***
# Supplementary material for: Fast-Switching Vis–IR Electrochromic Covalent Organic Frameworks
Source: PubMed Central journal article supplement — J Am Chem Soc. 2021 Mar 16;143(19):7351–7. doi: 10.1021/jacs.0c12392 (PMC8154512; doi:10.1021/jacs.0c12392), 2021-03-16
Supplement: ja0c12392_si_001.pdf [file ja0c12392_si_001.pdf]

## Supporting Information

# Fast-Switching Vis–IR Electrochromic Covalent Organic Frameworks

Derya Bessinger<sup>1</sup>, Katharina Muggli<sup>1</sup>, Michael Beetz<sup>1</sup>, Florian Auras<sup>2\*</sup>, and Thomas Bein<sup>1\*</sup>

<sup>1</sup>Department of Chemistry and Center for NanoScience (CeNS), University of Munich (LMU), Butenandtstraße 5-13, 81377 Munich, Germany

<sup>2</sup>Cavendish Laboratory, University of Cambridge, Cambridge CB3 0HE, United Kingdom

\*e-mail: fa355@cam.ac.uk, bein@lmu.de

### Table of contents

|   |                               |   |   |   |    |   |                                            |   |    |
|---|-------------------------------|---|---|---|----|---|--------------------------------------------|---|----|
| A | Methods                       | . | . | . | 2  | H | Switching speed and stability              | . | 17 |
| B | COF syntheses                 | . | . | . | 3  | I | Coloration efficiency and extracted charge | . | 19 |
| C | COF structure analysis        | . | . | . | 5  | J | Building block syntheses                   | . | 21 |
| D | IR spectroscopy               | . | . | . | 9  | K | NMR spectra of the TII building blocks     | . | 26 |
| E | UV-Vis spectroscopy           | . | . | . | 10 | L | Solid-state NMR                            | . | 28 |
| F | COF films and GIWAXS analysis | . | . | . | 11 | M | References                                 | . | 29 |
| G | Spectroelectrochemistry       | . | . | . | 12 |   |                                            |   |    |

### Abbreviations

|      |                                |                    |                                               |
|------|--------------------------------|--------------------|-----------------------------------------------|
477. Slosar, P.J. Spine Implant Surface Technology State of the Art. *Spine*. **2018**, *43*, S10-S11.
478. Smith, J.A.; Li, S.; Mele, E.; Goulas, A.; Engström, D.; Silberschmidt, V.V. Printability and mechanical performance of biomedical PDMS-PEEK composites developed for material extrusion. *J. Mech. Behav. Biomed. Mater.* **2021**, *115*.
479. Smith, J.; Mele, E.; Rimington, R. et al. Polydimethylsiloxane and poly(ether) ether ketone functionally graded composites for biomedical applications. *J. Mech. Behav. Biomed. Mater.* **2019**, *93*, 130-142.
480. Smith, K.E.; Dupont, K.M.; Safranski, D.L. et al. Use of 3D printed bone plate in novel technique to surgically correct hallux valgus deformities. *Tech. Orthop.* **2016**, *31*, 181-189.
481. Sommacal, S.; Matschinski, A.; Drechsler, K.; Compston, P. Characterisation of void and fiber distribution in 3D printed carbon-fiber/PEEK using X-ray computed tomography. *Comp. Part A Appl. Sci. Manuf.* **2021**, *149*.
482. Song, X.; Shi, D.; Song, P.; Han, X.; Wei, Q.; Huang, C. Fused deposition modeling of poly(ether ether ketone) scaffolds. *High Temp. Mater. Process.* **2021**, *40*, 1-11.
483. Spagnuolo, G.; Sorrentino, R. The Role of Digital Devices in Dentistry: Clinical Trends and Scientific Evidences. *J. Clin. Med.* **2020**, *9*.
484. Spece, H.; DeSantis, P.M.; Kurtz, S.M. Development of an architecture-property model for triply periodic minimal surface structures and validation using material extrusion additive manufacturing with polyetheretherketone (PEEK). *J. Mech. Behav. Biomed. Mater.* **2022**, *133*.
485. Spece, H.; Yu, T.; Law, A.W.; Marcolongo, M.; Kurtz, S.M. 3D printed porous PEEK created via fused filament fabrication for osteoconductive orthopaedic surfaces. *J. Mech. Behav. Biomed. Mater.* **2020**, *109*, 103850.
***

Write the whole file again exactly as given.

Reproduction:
# Supplementary material for: Fast-Switching Vis–IR Electrochromic Covalent Organic Frameworks
Source: PubMed Central journal article supplement — J Am Chem Soc. 2021 Mar 16;143(19):7351–7. doi: 10.1021/jacs.0c12392 (PMC8154512; doi:10.1021/jacs.0c12392), 2021-03-16
Supplement: ja0c12392_si_001.pdf [file ja0c12392_si_001.pdf]

## Supporting Information

# Fast-Switching Vis–IR Electrochromic Covalent Organic Frameworks

Derya Bessinger<sup>1</sup>, Katharina Muggli<sup>1</sup>, Michael Beetz<sup>1</sup>, Florian Auras<sup>2\*</sup>, and Thomas Bein<sup>1\*</sup>

<sup>1</sup>Department of Chemistry and Center for NanoScience (CeNS), University of Munich (LMU), Butenandtstraße 5-13, 81377 Munich, Germany

<sup>2</sup>Cavendish Laboratory, University of Cambridge, Cambridge CB3 0HE, United Kingdom

\*e-mail: fa355@cam.ac.uk, bein@lmu.de

### Table of contents

|   |                               |   |   |   |    |   |                                            |   |    |
|---|-------------------------------|---|---|---|----|---|--------------------------------------------|---|----|
| A | Methods                       | . | . | . | 2  | H | Switching speed and stability              | . | 17 |
| B | COF syntheses                 | . | . | . | 3  | I | Coloration efficiency and extracted charge | . | 19 |
| C | COF structure analysis        | . | . | . | 5  | J | Building block syntheses                   | . | 21 |
| D | IR spectroscopy               | . | . | . | 9  | K | NMR spectra of the TII building blocks     | . | 26 |
| E | UV-Vis spectroscopy           | . | . | . | 10 | L | Solid-state NMR                            | . | 28 |
| F | COF films and GIWAXS analysis | . | . | . | 11 | M | References                                 | . | 29 |
| G | Spectroelectrochemistry       | . | . | . | 12 |   |                                            |   |    |

### Abbreviations

|      |                                |                    |                                               |
|------|--------------------------------|--------------------|-----------------------------------------------|
477. Slosar, P.J. Spine Implant Surface Technology State of the Art. *Spine*. **2018**, *43*, S10-S11.
478. Smith, J.A.; Li, S.; Mele, E.; Goulas, A.; Engström, D.; Silberschmidt, V.V. Printability and mechanical performance of biomedical PDMS-PEEK composites developed for material extrusion. *J. Mech. Behav. Biomed. Mater.* **2021**, *115*.
479. Smith, J.; Mele, E.; Rimington, R. et al. Polydimethylsiloxane and poly(ether) ether ketone functionally graded composites for biomedical applications. *J. Mech. Behav. Biomed. Mater.* **2019**, *93*, 130-142.
480. Smith, K.E.; Dupont, K.M.; Safranski, D.L. et al. Use of 3D printed bone plate in novel technique to surgically correct hallux valgus deformities. *Tech. Orthop.* **2016**, *31*, 181-189.
481. Sommacal, S.; Matschinski, A.; Drechsler, K.; Compston, P. Characterisation of void and fiber distribution in 3D printed carbon-fiber/PEEK using X-ray computed tomography. *Comp. Part A Appl. Sci. Manuf.* **2021**, *149*.
482. Song, X.; Shi, D.; Song, P.; Han, X.; Wei, Q.; Huang, C. Fused deposition modeling of poly(ether ether ketone) scaffolds. *High Temp. Mater. Process.* **2021**, *40*, 1-11.
483. Spagnuolo, G.; Sorrentino, R. The Role of Digital Devices in Dentistry: Clinical Trends and Scientific Evidences. *J. Clin. Med.* **2020**, *9*.
484. Spece, H.; DeSantis, P.M.; Kurtz, S.M. Development of an architecture-property model for triply periodic minimal surface structures and validation using material extrusion additive manufacturing with polyetheretherketone (PEEK). *J. Mech. Behav. Biomed. Mater.* **2022**, *133*.
485. Spece, H.; Yu, T.; Law, A.W.; Marcolongo, M.; Kurtz, S.M. 3D printed porous PEEK created via fused filament fabrication for osteoconductive orthopaedic surfaces. *J. Mech. Behav. Biomed. Mater.* **2020**, *109*, 103850.